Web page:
Psychoacoustics, Physiology of Hearing, and Auditory Modelling, from the Ear to the Brain
19-24 Jun 2022 Lyon (France)

List of authors > Varano Enrico

Speech-driven facial animation improve speech-in-noise comprehension in humans
Enrico Varano  1@  , Tobias Reichenbach  2, *@  
1 : Imperial College London
2 : Friedrich-Alexander Universität Erlangen-Nürnberg
* : Corresponding author

Comprehension of speech in noise can be improved by looking at the speaker's face. This effect is even more pronounced in people with hearing impairments and is thought to be linked to both the temporal and categorical cues carried by the visual component of speech. For instance, rhythms such as the amplitude modulations of a speech signal, which are known to play an important role in speech processing, correlate with the opening and closing of the mouth. Categorical cues are involved in audiovisual speech perception through the non-injective surjective mapping between phonemes and visemes and information about a speech signal can be obtained from other aspects of lip movement as well. However, the precise contributions of the different aspects of lip motion to speech comprehension, as well as the neural mechanisms behind the audio-visual integration, still remain unclear.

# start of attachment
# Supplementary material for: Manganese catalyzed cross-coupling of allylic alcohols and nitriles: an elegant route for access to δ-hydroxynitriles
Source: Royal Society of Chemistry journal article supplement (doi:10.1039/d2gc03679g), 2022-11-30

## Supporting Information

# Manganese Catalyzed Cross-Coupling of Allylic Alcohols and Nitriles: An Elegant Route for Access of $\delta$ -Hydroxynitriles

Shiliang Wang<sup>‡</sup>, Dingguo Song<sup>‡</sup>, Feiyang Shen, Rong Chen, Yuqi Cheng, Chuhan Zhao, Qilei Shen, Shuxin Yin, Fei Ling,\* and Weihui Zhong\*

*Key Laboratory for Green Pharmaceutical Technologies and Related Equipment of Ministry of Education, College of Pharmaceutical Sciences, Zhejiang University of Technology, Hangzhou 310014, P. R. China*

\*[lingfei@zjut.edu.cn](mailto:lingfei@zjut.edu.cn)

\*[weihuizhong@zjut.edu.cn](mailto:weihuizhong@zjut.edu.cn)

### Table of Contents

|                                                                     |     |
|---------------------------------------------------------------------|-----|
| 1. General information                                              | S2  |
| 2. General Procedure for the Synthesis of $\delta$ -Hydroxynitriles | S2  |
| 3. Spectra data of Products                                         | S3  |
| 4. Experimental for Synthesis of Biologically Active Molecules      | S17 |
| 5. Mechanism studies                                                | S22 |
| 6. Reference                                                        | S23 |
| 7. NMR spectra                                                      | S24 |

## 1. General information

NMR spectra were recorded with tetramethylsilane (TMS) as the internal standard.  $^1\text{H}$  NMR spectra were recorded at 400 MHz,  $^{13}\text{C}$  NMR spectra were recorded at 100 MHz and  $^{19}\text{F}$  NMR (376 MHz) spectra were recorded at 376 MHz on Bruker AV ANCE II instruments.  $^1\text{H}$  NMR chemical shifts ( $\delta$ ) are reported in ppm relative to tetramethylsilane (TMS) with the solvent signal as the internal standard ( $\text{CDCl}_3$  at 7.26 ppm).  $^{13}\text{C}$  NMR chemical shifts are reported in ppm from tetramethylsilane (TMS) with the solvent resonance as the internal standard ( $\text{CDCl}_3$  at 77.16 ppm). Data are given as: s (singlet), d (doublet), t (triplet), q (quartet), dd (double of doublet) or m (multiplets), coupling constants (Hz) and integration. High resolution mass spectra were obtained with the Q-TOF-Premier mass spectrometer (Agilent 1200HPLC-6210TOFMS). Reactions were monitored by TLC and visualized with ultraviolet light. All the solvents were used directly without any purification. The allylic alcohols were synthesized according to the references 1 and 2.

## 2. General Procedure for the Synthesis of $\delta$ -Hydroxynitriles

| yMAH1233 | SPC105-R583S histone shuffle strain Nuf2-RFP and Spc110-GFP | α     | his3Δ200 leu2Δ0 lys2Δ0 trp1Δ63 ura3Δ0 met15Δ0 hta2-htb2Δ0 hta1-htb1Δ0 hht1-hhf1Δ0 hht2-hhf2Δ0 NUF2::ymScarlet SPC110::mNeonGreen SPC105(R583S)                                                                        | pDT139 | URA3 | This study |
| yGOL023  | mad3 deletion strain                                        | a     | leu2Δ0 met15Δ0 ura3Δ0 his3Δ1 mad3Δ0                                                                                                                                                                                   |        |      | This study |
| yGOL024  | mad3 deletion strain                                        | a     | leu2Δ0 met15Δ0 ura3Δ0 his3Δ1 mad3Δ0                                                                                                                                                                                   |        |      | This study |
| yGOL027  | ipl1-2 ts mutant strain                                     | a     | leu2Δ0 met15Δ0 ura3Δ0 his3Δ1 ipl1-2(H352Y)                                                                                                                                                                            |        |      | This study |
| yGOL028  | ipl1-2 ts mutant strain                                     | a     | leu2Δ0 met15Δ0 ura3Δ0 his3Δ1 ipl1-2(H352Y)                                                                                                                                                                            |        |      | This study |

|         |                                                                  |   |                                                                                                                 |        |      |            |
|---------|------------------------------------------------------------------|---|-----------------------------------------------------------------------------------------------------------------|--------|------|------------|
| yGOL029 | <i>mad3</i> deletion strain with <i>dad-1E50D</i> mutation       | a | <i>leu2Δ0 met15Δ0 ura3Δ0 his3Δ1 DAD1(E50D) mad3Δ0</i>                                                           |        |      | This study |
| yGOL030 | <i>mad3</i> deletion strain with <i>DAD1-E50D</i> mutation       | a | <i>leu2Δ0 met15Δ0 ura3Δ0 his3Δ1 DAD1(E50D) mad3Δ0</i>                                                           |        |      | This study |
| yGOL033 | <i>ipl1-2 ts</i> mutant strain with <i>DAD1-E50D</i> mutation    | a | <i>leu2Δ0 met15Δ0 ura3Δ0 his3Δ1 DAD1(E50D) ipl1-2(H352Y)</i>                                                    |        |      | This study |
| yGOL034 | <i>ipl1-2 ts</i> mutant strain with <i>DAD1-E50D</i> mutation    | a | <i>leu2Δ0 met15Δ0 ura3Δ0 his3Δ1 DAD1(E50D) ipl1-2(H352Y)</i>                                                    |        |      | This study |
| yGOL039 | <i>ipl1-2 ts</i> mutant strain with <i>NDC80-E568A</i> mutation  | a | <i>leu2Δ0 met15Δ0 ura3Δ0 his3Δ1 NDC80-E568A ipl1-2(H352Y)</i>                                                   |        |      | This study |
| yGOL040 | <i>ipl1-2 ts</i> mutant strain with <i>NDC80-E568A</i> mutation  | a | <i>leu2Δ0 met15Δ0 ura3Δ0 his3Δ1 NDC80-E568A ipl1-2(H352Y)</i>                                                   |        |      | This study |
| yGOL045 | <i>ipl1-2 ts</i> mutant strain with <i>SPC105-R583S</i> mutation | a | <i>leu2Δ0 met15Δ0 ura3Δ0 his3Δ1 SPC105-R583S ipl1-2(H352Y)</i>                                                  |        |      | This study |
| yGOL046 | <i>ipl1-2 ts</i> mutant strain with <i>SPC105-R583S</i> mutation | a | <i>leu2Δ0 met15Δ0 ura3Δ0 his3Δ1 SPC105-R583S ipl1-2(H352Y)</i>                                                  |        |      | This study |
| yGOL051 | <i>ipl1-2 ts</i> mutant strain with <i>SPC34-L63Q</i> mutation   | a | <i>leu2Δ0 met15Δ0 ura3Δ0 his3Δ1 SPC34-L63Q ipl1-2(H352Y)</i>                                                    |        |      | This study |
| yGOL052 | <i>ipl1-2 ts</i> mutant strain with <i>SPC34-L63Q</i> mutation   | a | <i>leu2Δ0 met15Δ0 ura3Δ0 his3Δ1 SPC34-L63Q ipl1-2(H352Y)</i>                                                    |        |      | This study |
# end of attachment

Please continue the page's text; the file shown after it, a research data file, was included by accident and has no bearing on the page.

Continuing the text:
We considered both the natural video of a speaker as well as a variety of synthesized visual signals. The synthesized videos were designed to capture features of lip movements of increasing complexity, from the amplitude modulations of speech to realistic facial animations generated by deep neural networks. We then assessed the speech comprehension of participants for the different types of videos. We also recorded their brain activity through EEG while they listened to the audiovisual speech stimuli.

We found that simple visual features such as the size of the mouth opening, related to the speech envelope, modulated the neural response to the speech envelope. However, they failed to enhance speech comprehension. More complex videos including the realistic synthesised facial animations did improve the comprehension of speech in noise significantly, albeit not as much as the natural videos.

Taken together, our results suggest that categorical cues in the texture of realistic facial animations drive the audiovisual gain in speech-in-noise comprehension. Although the amplitude modulation of speech matters for speech processing, and although simplified visual signals that track these amplitude modulations influence the neural response, these signals do not aid in understanding speech in background noise.


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